The Danger of High Expectations
- AUTHOR Dan Appleman
- October 23, 2014
- No Comments
Everywhere you turn, marketers talk about the importance of engaging with customers. Whether it’s social networking or customer forums, or interactive websites, customers are increasingly seen as partners to engage with rather than passive consumers. But when it comes to increasing engagement with customers, sometimes you have to be careful what you ask for….
Last week I was at the annual Dreamforce conference. Now, when it comes to marketing, Salesforce does a lot of things right. But right is boring, and the best lessons are often learned when someone does something wrong. Here’s an example:
In the developer zone Salesforce had a booth on user experience design – the idea was to demonstrate innovative ways to create a great user experience. In this case booth visitors had a chance to design a custom T-Shirt. You would pick your color, your size, and your design, tagging in with your NFC enabled badge to register the design to you. It was really very clever – you just tag in, design your shirt, then tag out. Then you can go across the aisle to where you can pick up your shirt, bring it to a design station, and silk-screen it yourself.
That’s where things began to go terribly wrong.
When I reached the front of the T-Shirt line, I held out my name tag, fully expecting them to tag it in so I can pick up my shirt. Instead, I faced a terminal where they asked me to reenter my information. This made no sense to me – I held out my name tag, asking “you already know who I am. Why should I have to retype it?” I was told it was for a survey, and that’s different. Seriously?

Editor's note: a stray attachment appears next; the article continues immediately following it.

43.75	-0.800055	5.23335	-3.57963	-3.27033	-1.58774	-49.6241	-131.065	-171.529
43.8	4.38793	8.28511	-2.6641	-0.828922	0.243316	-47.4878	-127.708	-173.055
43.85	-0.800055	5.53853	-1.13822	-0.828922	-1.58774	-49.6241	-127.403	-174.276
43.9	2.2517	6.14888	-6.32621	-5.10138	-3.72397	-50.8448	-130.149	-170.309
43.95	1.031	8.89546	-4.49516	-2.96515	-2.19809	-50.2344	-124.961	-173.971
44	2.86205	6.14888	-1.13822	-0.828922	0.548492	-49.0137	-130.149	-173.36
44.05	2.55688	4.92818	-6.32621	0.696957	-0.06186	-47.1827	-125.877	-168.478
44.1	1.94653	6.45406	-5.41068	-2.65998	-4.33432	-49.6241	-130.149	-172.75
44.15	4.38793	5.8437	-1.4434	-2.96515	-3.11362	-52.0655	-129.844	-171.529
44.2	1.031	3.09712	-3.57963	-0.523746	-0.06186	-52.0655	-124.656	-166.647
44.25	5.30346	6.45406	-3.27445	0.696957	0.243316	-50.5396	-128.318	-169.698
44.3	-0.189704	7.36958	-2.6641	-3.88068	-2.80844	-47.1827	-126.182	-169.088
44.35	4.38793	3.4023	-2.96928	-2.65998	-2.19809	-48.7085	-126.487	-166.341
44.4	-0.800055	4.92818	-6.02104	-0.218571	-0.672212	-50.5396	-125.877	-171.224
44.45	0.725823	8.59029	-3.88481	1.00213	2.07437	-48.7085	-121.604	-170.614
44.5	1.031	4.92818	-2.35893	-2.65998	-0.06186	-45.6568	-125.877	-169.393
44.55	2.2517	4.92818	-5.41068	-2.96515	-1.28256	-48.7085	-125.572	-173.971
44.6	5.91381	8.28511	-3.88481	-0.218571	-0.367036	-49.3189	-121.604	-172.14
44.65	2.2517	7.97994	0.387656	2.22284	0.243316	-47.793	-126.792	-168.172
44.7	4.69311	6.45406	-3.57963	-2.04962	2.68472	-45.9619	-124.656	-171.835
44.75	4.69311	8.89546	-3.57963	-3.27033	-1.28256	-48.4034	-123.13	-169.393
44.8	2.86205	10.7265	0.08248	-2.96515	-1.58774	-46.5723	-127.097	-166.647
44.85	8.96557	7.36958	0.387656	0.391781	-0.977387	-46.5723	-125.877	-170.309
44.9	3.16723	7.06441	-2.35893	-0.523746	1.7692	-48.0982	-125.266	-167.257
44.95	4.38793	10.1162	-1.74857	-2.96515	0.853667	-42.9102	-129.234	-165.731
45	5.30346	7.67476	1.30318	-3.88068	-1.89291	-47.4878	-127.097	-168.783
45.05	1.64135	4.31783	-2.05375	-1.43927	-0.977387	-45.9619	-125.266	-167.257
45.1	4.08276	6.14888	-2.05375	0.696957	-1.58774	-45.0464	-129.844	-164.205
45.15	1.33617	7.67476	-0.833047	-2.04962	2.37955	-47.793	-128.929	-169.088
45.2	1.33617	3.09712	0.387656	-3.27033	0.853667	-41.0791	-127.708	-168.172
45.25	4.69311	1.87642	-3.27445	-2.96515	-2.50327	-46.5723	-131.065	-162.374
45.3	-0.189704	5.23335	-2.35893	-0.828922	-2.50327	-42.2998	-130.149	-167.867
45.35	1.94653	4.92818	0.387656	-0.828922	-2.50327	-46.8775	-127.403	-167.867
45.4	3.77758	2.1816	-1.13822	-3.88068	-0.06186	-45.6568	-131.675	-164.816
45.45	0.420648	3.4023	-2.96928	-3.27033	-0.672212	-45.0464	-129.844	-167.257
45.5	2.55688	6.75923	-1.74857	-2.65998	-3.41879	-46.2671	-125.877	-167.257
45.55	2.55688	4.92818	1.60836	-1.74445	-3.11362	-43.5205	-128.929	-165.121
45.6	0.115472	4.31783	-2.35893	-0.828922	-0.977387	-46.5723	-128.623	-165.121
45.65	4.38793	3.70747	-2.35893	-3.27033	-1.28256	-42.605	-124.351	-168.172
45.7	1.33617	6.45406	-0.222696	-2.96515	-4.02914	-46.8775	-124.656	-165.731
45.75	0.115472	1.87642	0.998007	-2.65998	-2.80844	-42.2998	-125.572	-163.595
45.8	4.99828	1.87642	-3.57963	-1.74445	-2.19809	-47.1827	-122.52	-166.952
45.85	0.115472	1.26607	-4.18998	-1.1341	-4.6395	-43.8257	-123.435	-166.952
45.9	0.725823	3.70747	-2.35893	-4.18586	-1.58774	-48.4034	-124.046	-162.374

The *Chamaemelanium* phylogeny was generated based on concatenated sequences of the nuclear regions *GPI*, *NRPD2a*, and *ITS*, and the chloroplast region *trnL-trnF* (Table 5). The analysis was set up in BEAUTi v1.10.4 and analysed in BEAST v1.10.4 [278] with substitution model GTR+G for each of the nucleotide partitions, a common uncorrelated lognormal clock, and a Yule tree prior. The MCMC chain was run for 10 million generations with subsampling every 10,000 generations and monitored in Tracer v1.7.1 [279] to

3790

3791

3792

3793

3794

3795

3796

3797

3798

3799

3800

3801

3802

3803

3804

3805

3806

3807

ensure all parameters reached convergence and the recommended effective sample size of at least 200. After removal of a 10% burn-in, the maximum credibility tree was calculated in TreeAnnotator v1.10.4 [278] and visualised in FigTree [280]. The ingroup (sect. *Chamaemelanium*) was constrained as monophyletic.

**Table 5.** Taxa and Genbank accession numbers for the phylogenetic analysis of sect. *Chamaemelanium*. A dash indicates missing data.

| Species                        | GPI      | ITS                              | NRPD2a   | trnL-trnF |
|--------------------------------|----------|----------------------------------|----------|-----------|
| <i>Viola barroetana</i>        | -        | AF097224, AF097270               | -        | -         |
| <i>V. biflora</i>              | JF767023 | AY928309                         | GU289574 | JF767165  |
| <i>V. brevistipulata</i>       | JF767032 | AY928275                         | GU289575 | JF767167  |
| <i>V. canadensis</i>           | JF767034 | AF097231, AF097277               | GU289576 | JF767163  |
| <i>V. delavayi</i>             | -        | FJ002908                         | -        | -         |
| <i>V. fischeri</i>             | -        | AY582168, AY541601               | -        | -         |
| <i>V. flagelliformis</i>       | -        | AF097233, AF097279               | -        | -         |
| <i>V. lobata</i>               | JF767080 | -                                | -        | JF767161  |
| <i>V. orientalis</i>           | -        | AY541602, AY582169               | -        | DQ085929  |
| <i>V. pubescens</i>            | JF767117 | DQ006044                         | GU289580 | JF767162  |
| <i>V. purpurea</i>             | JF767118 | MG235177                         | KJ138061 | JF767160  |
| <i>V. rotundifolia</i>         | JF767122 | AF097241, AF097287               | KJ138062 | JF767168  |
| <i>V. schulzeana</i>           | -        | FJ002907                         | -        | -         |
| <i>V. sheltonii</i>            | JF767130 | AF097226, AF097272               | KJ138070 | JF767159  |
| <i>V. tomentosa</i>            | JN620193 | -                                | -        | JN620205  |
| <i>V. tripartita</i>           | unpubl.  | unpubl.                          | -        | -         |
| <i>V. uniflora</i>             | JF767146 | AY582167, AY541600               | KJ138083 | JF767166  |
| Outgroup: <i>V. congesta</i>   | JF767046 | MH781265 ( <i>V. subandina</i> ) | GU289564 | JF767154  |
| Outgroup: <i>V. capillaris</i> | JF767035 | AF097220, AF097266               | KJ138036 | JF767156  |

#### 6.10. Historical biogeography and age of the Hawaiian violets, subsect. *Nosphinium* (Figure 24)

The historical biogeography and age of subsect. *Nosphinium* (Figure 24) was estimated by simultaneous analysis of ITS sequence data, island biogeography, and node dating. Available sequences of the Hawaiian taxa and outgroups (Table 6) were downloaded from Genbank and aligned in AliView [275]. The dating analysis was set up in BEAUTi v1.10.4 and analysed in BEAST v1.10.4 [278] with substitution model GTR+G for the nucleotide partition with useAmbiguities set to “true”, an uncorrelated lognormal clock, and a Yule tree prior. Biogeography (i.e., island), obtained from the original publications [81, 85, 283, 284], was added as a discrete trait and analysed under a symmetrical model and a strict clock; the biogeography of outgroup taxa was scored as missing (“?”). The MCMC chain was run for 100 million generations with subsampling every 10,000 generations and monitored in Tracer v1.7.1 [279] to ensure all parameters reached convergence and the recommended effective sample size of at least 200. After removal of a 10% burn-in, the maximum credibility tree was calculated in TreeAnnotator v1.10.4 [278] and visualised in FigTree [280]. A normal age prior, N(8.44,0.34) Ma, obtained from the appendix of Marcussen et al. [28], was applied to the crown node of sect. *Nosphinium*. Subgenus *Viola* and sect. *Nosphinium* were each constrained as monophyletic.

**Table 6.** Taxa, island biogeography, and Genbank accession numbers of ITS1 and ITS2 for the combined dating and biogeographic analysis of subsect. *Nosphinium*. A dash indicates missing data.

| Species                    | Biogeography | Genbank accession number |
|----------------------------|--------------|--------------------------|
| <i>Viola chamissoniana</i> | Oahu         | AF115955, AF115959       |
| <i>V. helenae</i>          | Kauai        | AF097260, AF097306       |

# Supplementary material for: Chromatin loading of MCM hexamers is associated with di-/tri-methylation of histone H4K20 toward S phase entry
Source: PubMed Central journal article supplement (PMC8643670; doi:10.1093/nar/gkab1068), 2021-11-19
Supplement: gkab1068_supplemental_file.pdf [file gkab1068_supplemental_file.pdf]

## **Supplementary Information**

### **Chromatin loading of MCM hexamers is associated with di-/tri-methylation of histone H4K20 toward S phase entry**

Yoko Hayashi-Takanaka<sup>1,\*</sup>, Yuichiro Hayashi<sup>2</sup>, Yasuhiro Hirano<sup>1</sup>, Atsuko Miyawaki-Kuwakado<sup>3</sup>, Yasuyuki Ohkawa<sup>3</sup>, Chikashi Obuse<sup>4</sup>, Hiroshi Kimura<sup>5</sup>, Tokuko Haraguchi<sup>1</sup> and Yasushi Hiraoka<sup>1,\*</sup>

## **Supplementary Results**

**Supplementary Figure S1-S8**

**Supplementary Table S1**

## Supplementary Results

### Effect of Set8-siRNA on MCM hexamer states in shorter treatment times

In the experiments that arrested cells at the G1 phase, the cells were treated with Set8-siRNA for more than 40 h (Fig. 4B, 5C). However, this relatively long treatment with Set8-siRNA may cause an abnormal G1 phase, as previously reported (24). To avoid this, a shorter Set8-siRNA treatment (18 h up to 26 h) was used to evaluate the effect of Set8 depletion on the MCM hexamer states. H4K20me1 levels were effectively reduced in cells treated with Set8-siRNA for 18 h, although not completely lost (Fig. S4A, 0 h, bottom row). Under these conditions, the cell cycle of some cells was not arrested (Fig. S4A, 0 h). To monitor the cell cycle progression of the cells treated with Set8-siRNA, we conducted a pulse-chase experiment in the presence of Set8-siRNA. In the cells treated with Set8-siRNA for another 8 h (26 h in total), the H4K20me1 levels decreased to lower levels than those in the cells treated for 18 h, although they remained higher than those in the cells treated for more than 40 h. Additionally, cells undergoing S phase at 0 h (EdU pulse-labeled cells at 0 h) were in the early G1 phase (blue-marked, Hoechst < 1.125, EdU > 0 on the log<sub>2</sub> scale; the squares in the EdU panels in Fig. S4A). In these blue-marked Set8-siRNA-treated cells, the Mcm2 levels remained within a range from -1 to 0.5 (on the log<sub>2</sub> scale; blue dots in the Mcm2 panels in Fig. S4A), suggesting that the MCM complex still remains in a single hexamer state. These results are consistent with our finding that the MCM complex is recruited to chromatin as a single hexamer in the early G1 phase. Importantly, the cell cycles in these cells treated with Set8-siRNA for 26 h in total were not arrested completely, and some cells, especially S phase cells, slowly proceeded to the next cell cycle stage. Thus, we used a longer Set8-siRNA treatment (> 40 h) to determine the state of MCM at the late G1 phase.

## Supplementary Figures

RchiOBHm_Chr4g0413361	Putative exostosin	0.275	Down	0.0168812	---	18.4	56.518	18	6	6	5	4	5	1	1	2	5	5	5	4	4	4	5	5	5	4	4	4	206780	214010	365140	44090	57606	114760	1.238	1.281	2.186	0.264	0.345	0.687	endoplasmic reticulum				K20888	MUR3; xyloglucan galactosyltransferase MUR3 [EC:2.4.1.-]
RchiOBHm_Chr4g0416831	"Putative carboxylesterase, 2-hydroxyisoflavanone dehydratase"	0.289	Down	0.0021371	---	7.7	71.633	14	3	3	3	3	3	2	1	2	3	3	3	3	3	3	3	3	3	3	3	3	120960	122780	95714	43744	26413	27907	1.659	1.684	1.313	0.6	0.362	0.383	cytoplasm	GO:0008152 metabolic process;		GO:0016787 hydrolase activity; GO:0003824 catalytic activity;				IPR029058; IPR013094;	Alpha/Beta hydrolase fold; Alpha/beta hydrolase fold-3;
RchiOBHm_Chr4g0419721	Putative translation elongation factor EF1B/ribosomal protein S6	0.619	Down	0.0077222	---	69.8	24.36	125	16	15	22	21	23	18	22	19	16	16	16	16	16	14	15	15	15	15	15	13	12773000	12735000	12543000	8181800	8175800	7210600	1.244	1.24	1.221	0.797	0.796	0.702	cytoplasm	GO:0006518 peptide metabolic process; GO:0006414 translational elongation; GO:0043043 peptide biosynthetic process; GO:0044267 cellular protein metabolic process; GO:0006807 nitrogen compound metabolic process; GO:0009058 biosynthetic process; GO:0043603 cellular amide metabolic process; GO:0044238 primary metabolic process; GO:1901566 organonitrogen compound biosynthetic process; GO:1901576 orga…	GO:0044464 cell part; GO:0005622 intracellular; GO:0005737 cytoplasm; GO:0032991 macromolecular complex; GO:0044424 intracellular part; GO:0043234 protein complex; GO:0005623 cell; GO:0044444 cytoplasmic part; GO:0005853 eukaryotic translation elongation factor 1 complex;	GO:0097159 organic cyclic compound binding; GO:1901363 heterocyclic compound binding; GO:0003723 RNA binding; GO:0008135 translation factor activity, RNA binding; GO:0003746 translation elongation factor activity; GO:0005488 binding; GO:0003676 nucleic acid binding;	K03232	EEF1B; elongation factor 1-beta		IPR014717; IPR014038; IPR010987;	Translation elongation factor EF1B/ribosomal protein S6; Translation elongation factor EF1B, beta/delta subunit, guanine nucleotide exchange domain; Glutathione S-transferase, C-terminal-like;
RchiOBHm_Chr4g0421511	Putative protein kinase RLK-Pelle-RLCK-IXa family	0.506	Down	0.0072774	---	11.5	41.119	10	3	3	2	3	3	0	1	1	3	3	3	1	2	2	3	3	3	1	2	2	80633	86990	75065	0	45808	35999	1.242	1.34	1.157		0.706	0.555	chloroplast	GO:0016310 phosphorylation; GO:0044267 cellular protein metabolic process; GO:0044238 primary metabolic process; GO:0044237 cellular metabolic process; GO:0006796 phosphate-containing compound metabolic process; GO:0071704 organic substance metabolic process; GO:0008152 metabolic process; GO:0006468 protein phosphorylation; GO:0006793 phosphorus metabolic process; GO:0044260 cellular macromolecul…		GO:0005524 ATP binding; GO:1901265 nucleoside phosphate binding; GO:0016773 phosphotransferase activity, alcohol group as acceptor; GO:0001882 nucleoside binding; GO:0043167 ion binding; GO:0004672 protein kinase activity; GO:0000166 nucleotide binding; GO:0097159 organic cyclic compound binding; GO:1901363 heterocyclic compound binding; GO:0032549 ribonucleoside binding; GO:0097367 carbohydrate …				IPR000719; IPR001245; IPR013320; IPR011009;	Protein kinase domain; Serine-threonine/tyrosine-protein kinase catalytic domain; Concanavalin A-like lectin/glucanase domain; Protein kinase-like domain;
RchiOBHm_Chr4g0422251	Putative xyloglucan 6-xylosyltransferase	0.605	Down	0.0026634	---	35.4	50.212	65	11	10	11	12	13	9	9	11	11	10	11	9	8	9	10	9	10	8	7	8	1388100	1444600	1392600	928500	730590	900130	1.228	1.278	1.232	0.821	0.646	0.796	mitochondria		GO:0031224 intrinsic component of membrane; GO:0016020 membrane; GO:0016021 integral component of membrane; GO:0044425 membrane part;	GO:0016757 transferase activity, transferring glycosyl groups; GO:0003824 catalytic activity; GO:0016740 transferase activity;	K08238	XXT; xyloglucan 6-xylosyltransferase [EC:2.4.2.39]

Next I went to get my shirt. They were out of my size in every color. This just minutes after I had “designed” my shirt at the user experience booth and successfully selected that size.
Now here’s the deal. If they had not had a user experience booth, and I had stood in line for a T-Shirt, I wouldn’t have thought twice about entering my information in a survey, and while I would be disappointed if they did not have my size, I would certainly understand it. But I had visited their user experience booth, and they had set certain expectations – that I would be able to tag in for my design, and that they wouldn’t let me design something they could not deliver. So I was no longer disappointed – I was angry. Instead of a perfectly understandable lack of inventory creating a minor annoyance, they had created a user experience that was a total failure.
How bad a failure? Enough for me to dedicate an entire blog post to it.
I brought this up with the person at the user experience booth after, and she explained that they had wanted to integrate the T-Shirt line with the user experience software, but couldn’t find a way to do so in the time available that wouldn’t have caused even longer T-Shirt lines, resulting in an even worse user experience. I can understand that, but it doesn’t change the fact that I ultimately walked away disappointed and annoyed.
So when you consider adopting technology that promises to help you engage with customers, remember that your investment can’t stop with implementing the technology. If you use technology to raise customer expectations, you had better deliver on them, or you may end up with customer relations that are worse than if you had done nothing at all.